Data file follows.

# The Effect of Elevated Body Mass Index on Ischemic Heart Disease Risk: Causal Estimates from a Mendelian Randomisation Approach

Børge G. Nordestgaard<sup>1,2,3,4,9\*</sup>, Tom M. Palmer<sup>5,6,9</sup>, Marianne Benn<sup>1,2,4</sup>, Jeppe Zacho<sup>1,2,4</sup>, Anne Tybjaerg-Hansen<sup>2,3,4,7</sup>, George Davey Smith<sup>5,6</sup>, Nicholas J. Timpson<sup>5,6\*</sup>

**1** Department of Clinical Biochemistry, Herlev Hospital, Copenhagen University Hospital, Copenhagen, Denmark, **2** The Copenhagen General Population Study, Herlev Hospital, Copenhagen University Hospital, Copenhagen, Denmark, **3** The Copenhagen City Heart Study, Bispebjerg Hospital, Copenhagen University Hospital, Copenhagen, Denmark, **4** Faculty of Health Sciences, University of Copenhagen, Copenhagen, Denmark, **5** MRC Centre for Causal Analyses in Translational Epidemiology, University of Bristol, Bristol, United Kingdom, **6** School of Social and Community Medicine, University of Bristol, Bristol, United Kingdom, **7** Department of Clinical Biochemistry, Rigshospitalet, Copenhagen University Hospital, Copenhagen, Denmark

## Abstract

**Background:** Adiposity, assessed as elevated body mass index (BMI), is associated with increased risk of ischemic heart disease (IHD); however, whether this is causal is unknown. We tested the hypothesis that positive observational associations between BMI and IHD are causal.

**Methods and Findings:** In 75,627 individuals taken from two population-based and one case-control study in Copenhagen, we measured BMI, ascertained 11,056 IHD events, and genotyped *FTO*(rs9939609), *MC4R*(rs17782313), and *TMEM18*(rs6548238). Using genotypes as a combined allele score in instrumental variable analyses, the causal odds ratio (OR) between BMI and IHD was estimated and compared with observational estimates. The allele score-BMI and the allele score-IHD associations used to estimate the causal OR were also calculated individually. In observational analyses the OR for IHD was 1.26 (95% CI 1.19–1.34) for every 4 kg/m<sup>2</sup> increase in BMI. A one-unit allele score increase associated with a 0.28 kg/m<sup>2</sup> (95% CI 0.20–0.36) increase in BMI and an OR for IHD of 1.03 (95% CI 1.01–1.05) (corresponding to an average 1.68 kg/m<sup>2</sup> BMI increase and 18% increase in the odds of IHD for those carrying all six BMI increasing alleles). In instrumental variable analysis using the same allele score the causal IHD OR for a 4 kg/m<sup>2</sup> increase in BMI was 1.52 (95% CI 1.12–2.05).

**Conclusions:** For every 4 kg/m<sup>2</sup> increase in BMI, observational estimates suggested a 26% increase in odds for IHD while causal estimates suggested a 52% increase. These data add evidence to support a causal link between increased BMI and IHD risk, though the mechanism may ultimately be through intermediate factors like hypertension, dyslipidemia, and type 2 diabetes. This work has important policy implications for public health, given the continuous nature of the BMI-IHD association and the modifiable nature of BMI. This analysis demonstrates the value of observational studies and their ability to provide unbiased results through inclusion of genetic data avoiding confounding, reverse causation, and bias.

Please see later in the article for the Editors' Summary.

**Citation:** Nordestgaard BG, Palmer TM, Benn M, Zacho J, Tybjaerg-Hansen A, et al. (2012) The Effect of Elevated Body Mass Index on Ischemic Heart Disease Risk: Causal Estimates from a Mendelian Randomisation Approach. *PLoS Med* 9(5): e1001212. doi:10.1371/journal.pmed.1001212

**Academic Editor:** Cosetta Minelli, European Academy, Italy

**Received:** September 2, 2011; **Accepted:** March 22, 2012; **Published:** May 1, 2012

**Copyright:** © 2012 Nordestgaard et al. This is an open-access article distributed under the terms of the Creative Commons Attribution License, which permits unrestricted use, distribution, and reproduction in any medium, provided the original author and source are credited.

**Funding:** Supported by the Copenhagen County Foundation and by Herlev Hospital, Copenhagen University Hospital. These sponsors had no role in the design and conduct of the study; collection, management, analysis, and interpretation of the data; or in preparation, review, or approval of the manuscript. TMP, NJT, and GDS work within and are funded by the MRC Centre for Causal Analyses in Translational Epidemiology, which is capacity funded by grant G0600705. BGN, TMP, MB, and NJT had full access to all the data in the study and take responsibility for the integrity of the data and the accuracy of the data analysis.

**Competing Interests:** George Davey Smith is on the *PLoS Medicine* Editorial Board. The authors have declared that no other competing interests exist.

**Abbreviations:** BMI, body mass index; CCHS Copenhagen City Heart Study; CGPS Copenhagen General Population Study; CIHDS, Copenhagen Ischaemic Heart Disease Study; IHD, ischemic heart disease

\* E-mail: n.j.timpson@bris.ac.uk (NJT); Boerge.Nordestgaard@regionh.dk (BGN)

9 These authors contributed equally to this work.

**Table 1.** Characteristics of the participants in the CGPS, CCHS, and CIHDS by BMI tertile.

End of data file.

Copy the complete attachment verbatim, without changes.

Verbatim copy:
# The Effect of Elevated Body Mass Index on Ischemic Heart Disease Risk: Causal Estimates from a Mendelian Randomisation Approach

Børge G. Nordestgaard<sup>1,2,3,4,9\*</sup>, Tom M. Palmer<sup>5,6,9</sup>, Marianne Benn<sup>1,2,4</sup>, Jeppe Zacho<sup>1,2,4</sup>, Anne Tybjaerg-Hansen<sup>2,3,4,7</sup>, George Davey Smith<sup>5,6</sup>, Nicholas J. Timpson<sup>5,6\*</sup>

**1** Department of Clinical Biochemistry, Herlev Hospital, Copenhagen University Hospital, Copenhagen, Denmark, **2** The Copenhagen General Population Study, Herlev Hospital, Copenhagen University Hospital, Copenhagen, Denmark, **3** The Copenhagen City Heart Study, Bispebjerg Hospital, Copenhagen University Hospital, Copenhagen, Denmark, **4** Faculty of Health Sciences, University of Copenhagen, Copenhagen, Denmark, **5** MRC Centre for Causal Analyses in Translational Epidemiology, University of Bristol, Bristol, United Kingdom, **6** School of Social and Community Medicine, University of Bristol, Bristol, United Kingdom, **7** Department of Clinical Biochemistry, Rigshospitalet, Copenhagen University Hospital, Copenhagen, Denmark

## Abstract

**Background:** Adiposity, assessed as elevated body mass index (BMI), is associated with increased risk of ischemic heart disease (IHD); however, whether this is causal is unknown. We tested the hypothesis that positive observational associations between BMI and IHD are causal.

**Methods and Findings:** In 75,627 individuals taken from two population-based and one case-control study in Copenhagen, we measured BMI, ascertained 11,056 IHD events, and genotyped *FTO*(rs9939609), *MC4R*(rs17782313), and *TMEM18*(rs6548238). Using genotypes as a combined allele score in instrumental variable analyses, the causal odds ratio (OR) between BMI and IHD was estimated and compared with observational estimates. The allele score-BMI and the allele score-IHD associations used to estimate the causal OR were also calculated individually. In observational analyses the OR for IHD was 1.26 (95% CI 1.19–1.34) for every 4 kg/m<sup>2</sup> increase in BMI. A one-unit allele score increase associated with a 0.28 kg/m<sup>2</sup> (95% CI 0.20–0.36) increase in BMI and an OR for IHD of 1.03 (95% CI 1.01–1.05) (corresponding to an average 1.68 kg/m<sup>2</sup> BMI increase and 18% increase in the odds of IHD for those carrying all six BMI increasing alleles). In instrumental variable analysis using the same allele score the causal IHD OR for a 4 kg/m<sup>2</sup> increase in BMI was 1.52 (95% CI 1.12–2.05).

**Conclusions:** For every 4 kg/m<sup>2</sup> increase in BMI, observational estimates suggested a 26% increase in odds for IHD while causal estimates suggested a 52% increase. These data add evidence to support a causal link between increased BMI and IHD risk, though the mechanism may ultimately be through intermediate factors like hypertension, dyslipidemia, and type 2 diabetes. This work has important policy implications for public health, given the continuous nature of the BMI-IHD association and the modifiable nature of BMI. This analysis demonstrates the value of observational studies and their ability to provide unbiased results through inclusion of genetic data avoiding confounding, reverse causation, and bias.

Please see later in the article for the Editors' Summary.

**Citation:** Nordestgaard BG, Palmer TM, Benn M, Zacho J, Tybjaerg-Hansen A, et al. (2012) The Effect of Elevated Body Mass Index on Ischemic Heart Disease Risk: Causal Estimates from a Mendelian Randomisation Approach. *PLoS Med* 9(5): e1001212. doi:10.1371/journal.pmed.1001212

**Academic Editor:** Cosetta Minelli, European Academy, Italy

**Received:** September 2, 2011; **Accepted:** March 22, 2012; **Published:** May 1, 2012

**Copyright:** © 2012 Nordestgaard et al. This is an open-access article distributed under the terms of the Creative Commons Attribution License, which permits unrestricted use, distribution, and reproduction in any medium, provided the original author and source are credited.

**Funding:** Supported by the Copenhagen County Foundation and by Herlev Hospital, Copenhagen University Hospital. These sponsors had no role in the design and conduct of the study; collection, management, analysis, and interpretation of the data; or in preparation, review, or approval of the manuscript. TMP, NJT, and GDS work within and are funded by the MRC Centre for Causal Analyses in Translational Epidemiology, which is capacity funded by grant G0600705. BGN, TMP, MB, and NJT had full access to all the data in the study and take responsibility for the integrity of the data and the accuracy of the data analysis.

**Competing Interests:** George Davey Smith is on the *PLoS Medicine* Editorial Board. The authors have declared that no other competing interests exist.

**Abbreviations:** BMI, body mass index; CCHS Copenhagen City Heart Study; CGPS Copenhagen General Population Study; CIHDS, Copenhagen Ischaemic Heart Disease Study; IHD, ischemic heart disease

\* E-mail: n.j.timpson@bris.ac.uk (NJT); Boerge.Nordestgaard@regionh.dk (BGN)

9 These authors contributed equally to this work.

**Table 1.** Characteristics of the participants in the CGPS, CCHS, and CIHDS by BMI tertile.